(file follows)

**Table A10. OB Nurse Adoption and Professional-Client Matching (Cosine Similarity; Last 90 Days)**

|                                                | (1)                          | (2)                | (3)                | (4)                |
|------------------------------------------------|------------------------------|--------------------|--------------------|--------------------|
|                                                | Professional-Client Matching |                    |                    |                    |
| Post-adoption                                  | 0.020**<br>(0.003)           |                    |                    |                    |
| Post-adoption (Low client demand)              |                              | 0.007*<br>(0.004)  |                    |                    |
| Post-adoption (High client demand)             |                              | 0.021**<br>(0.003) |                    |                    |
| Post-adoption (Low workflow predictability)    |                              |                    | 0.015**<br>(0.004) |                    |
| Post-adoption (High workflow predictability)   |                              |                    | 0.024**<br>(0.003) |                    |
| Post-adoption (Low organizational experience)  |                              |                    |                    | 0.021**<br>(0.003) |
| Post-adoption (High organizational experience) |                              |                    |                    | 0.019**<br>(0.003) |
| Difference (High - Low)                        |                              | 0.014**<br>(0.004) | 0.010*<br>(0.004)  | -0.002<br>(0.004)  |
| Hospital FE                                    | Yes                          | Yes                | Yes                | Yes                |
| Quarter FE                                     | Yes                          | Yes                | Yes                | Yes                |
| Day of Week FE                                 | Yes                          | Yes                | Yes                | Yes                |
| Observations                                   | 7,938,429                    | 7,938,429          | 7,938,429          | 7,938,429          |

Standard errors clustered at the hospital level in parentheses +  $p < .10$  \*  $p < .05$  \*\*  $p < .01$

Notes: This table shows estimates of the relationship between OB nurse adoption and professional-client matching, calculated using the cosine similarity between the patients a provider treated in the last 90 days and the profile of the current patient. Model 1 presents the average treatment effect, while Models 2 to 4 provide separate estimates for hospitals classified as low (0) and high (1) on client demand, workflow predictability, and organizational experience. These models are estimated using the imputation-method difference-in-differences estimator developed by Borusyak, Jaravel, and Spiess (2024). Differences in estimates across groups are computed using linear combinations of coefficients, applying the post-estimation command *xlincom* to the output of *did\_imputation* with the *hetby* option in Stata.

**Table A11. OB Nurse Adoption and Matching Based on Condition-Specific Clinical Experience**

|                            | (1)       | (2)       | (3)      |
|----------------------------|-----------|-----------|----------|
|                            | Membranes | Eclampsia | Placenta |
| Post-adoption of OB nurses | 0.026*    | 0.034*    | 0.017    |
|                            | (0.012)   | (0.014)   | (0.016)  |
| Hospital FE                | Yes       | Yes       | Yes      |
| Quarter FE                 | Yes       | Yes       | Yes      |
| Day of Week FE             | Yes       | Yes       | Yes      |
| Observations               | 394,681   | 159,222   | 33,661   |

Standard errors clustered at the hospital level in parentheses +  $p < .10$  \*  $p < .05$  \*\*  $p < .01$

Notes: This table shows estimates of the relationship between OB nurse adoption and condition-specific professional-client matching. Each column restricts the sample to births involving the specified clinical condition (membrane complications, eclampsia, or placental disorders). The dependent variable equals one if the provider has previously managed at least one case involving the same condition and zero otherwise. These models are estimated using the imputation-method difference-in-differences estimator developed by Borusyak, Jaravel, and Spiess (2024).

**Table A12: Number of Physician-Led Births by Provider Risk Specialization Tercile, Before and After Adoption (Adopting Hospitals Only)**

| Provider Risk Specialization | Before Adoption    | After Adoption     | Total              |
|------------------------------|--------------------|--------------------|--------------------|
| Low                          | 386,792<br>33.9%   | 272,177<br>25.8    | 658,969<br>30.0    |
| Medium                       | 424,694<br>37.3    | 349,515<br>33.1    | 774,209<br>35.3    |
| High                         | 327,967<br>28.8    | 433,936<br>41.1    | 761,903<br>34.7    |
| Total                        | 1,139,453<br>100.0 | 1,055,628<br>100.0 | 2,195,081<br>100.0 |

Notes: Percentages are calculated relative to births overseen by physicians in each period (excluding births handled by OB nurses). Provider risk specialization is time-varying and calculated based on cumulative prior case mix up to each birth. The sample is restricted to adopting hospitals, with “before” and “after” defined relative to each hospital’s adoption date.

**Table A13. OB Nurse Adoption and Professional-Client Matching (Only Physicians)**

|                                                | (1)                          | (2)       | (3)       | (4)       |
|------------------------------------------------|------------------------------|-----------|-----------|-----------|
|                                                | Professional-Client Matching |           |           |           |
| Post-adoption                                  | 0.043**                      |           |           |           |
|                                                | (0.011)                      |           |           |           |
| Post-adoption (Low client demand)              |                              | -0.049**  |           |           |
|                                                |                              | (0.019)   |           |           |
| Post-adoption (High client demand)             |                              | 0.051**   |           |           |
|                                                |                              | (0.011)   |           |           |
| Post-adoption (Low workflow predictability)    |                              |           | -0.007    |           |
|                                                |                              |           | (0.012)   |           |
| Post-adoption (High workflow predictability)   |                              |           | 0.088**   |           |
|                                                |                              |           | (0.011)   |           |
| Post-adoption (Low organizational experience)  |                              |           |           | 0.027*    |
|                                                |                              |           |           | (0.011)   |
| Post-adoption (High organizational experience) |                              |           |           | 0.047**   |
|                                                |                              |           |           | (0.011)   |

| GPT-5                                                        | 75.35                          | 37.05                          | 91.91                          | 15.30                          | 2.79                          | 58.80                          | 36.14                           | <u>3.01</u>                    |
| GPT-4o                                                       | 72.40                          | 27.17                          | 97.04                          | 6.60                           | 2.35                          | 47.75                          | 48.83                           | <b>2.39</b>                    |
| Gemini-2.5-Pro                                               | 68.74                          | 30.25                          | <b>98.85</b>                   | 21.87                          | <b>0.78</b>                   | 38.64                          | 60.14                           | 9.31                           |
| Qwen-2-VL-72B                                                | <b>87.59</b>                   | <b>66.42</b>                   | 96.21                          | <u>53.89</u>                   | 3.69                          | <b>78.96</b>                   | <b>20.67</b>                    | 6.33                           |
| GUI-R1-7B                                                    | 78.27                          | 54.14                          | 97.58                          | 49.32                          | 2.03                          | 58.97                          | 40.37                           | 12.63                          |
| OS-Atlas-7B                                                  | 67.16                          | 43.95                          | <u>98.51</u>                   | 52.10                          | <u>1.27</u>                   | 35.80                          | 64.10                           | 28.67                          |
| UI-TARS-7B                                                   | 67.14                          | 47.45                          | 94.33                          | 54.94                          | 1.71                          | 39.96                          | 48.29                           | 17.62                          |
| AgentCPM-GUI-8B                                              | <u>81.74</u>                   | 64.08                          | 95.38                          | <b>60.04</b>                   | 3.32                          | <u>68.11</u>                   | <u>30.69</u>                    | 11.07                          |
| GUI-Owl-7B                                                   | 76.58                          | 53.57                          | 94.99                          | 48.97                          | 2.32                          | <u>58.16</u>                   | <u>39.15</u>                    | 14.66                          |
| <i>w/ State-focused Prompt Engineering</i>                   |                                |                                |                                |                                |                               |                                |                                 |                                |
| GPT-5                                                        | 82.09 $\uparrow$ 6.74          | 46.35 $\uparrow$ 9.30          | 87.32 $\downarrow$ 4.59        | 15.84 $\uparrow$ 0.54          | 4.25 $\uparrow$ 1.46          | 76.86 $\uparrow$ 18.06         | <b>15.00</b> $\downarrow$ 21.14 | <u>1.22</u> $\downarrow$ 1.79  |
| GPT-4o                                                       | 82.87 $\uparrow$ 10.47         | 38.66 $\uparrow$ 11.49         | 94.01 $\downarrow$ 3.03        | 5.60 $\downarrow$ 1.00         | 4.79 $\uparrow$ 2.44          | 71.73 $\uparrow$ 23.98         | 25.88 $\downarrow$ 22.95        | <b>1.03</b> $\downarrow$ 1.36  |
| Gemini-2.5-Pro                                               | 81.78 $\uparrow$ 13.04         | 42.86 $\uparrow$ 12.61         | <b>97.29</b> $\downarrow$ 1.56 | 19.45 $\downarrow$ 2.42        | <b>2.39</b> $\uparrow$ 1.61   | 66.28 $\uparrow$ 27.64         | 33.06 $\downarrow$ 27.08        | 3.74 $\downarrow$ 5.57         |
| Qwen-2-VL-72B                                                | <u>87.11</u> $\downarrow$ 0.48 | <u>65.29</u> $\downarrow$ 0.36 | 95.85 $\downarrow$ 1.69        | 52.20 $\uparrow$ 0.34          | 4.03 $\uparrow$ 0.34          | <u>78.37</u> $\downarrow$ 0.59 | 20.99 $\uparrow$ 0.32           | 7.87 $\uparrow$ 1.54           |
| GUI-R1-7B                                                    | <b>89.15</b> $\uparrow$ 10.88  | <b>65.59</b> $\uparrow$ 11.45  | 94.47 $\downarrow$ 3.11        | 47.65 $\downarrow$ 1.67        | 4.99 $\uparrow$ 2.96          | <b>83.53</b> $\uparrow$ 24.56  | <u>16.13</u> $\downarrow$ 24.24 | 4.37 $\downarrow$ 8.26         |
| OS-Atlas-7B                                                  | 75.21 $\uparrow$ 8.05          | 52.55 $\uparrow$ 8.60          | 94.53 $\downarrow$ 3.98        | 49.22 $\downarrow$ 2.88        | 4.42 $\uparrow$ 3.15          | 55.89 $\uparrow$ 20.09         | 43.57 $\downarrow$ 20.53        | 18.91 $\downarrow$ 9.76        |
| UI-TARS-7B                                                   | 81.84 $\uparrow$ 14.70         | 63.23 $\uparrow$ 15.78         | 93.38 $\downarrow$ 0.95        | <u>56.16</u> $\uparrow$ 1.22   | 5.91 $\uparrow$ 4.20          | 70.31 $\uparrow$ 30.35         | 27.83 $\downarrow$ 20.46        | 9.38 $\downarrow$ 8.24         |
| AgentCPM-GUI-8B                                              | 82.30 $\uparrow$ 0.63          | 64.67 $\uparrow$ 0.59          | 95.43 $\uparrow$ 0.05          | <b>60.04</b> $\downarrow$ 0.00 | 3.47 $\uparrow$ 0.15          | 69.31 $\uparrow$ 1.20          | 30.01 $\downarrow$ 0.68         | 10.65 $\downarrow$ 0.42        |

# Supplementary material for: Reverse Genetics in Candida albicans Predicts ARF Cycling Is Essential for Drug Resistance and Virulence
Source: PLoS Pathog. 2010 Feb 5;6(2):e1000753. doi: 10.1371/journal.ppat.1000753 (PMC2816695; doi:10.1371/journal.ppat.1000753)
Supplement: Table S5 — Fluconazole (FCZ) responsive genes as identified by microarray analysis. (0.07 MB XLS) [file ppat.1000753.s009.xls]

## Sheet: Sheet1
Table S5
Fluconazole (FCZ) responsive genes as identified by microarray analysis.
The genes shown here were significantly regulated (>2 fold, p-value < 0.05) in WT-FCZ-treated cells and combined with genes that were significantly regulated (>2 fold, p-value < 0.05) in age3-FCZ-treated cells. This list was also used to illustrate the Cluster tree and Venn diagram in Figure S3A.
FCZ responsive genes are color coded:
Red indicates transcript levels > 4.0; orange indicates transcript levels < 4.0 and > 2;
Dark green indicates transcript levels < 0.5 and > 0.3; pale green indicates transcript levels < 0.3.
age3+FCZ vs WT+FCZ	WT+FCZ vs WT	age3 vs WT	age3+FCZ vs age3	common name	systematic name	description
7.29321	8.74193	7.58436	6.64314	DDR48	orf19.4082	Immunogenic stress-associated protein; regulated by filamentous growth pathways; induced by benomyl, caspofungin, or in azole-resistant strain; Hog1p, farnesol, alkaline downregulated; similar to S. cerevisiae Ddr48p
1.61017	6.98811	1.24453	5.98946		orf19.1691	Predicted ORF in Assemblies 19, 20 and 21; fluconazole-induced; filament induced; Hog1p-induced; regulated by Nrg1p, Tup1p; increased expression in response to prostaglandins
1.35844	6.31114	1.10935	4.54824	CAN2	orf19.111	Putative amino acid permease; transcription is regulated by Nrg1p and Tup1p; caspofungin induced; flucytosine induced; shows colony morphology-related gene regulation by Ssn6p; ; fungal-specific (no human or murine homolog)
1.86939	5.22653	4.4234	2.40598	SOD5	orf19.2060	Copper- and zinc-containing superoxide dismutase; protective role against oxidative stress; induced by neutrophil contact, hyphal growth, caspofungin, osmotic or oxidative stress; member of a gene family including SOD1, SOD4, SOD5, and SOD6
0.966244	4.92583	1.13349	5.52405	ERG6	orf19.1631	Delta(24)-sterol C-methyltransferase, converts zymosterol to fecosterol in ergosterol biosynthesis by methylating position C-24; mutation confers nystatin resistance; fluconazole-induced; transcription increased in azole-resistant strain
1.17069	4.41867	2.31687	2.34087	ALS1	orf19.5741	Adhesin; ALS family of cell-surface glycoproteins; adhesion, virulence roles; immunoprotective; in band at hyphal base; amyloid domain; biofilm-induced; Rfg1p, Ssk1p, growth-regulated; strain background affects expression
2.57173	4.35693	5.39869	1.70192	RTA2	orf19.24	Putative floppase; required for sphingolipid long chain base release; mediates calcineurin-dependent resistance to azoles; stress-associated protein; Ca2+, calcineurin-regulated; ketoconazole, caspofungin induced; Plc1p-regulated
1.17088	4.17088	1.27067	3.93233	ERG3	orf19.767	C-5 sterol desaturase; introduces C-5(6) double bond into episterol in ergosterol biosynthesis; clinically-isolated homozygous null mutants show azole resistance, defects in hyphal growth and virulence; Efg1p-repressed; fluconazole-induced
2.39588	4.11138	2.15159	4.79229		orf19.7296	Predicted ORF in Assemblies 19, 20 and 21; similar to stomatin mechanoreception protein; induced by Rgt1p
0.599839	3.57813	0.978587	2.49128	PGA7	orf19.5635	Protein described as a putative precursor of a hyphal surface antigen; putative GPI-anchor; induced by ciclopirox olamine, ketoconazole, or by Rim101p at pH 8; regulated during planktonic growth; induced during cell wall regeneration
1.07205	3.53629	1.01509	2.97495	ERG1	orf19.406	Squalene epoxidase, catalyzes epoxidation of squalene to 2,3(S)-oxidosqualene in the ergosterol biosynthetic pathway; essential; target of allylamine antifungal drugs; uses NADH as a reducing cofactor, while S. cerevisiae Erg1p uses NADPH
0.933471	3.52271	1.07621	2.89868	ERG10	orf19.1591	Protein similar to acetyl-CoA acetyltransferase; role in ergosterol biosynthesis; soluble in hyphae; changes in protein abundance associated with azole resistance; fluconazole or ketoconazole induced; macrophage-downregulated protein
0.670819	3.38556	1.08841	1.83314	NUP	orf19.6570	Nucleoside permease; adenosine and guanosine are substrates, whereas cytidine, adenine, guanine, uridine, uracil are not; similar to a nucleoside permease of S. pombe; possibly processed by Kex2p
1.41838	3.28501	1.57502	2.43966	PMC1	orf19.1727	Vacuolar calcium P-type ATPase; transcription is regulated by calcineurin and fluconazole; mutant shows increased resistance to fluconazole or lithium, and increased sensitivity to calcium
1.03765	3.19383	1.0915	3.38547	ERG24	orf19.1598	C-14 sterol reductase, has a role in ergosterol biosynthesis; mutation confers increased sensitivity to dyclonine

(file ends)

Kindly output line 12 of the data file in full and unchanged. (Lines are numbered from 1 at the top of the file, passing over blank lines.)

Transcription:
| Difference (High - Low)                        |                              | 0.014**<br>(0.004) | 0.010*<br>(0.004)  | -0.002<br>(0.004)  |